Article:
Pre-eclampsia and high blood pressure in pregnancy


Age at interview: 40
Age at diagnosis: 35

Brief outline: I had pre-eclampsia in both of my pregnancies, with the births at 7 months (34 weeks and 30 weeks respectively). I have a history of high blood pressure and so I was seen by a specialist consultant. Both of my babies spent some time in a Neonatal Intensive Care Unit.

Background: My name is Aileen; I am 40 years old and a nurse. I am married and have two children, one daughter aged 7 and one son aged 5. I identify as Filipino.

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High blood pressure problems

I developed pre-eclampsia in both of my pregnancies. My children were born at 7 months (34 weeks and 30 weeks respectively). I have a history of essential hypertension (high blood pressure without a known cause) which meant that I was seen by a specialist consultant in both pregnancies. I changed my blood pressure medicine to one which would be safer during pregnancy (labetalol). I didn’t have many symptoms and, in each pregnancy, the diagnosis was made because tests showed that I had high blood pressure and protein in my urine (proteinuria). The only symptom I had in my first pregnancy was some swelling in my legs and face, though I thought this was just a normal part of pregnancy at first. In each pregnancy, I stayed in hospital for about two weeks to be monitored. I had emergency c-sections when the medications were unable to control my blood pressure and it was decided it would be safest for my babies to be born. 

My first pregnancy

Pre-eclampsia was diagnosed in my first pregnancy at a routine check at 7 months (32 weeks). I was admitted to hospital, which was a shock. I felt well and just wanted to go home but I was told that I couldn’t. I had good support in the lead up to having an emergency c-section, and my husband and I were kept informed throughout. It was a good experience on balance rather than a traumatic one. The hospital’s neonatal team resuscitated my baby, Emma, and took her to the neonatal unit. She was given antibiotics in case of infections but didn’t need any further medical care.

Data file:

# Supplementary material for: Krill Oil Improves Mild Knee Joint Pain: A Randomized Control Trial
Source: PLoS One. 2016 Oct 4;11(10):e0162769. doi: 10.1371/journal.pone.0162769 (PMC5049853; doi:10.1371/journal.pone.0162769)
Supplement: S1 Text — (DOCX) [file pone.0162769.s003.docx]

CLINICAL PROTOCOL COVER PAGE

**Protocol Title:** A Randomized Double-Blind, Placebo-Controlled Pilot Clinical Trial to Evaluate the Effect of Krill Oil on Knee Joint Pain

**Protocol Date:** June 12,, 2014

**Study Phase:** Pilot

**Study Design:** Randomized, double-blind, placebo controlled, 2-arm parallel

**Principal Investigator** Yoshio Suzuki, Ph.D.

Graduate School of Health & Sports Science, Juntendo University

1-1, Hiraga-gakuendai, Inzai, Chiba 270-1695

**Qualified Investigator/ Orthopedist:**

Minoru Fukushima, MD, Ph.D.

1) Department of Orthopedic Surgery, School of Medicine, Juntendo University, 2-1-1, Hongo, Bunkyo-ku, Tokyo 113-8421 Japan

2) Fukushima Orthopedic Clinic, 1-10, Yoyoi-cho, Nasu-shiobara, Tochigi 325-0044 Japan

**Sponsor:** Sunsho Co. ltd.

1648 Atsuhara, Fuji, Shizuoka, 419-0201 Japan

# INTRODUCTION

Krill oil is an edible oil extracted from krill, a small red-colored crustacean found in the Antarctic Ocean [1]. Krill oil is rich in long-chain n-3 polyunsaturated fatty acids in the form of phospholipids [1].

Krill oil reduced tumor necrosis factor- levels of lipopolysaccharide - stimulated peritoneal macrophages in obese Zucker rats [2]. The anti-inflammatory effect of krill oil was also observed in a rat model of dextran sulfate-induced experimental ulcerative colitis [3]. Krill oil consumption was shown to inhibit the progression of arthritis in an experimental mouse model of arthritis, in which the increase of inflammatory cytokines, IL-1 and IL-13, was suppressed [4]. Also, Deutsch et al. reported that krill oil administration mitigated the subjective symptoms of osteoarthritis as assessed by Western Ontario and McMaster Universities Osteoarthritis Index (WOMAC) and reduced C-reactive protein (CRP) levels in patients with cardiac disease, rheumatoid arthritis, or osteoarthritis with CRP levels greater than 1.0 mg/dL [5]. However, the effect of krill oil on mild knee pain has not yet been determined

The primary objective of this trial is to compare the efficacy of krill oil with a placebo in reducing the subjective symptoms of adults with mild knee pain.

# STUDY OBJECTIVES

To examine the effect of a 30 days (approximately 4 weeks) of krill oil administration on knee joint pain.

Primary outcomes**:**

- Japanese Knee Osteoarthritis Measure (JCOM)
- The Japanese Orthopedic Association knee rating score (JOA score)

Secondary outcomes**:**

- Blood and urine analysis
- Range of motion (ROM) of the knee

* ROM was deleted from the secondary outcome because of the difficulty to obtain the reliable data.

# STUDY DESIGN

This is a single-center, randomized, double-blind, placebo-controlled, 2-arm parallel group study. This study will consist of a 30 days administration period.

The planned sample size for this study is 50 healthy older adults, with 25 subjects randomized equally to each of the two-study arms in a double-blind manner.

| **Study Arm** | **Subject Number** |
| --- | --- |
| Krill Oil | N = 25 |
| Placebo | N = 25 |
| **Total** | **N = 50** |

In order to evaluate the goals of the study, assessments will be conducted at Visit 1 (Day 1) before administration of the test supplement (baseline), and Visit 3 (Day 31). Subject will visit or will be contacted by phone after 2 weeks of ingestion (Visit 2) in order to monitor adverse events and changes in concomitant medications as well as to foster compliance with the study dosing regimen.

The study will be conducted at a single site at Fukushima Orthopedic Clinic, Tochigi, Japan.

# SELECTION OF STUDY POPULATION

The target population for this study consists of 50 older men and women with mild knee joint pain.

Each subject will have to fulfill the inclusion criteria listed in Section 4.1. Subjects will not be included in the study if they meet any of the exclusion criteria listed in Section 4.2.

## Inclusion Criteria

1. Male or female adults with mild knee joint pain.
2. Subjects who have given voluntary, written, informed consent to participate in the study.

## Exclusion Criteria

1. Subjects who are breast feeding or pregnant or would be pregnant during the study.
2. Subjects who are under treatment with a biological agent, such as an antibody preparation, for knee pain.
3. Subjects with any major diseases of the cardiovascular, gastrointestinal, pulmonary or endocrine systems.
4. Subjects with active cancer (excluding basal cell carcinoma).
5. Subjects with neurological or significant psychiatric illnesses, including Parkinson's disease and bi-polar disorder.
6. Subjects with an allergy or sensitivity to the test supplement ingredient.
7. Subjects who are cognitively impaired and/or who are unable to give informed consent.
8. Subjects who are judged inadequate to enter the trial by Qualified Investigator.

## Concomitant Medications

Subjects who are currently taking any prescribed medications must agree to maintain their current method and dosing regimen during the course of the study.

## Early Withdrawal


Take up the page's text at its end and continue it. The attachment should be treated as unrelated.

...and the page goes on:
After I had given birth, my blood pressure was monitored on a High Dependency Unit (HDU) and I was then moved to the post-natal ward. Both Emma and I stayed in hospital in transitional care for two weeks to be sure she was feeding properly. I struggled to express milk at first and my blood pressure was still very high. The consultant advised me to return to my previous blood pressure medication, but this would mean I couldn’t breastfeed any more. The advice I was given by the midwives on the ward conflicted with this, as they wanted me to keep breastfeeding Emma. In the end, I decided to return to my old medication and use formula milk because I figured that if I'm not well then I can't look after my baby. My blood pressure settled and I was discharged with Emma. Taking my baby home made me happy but also scared in case anything went wrong.

My second pregnancy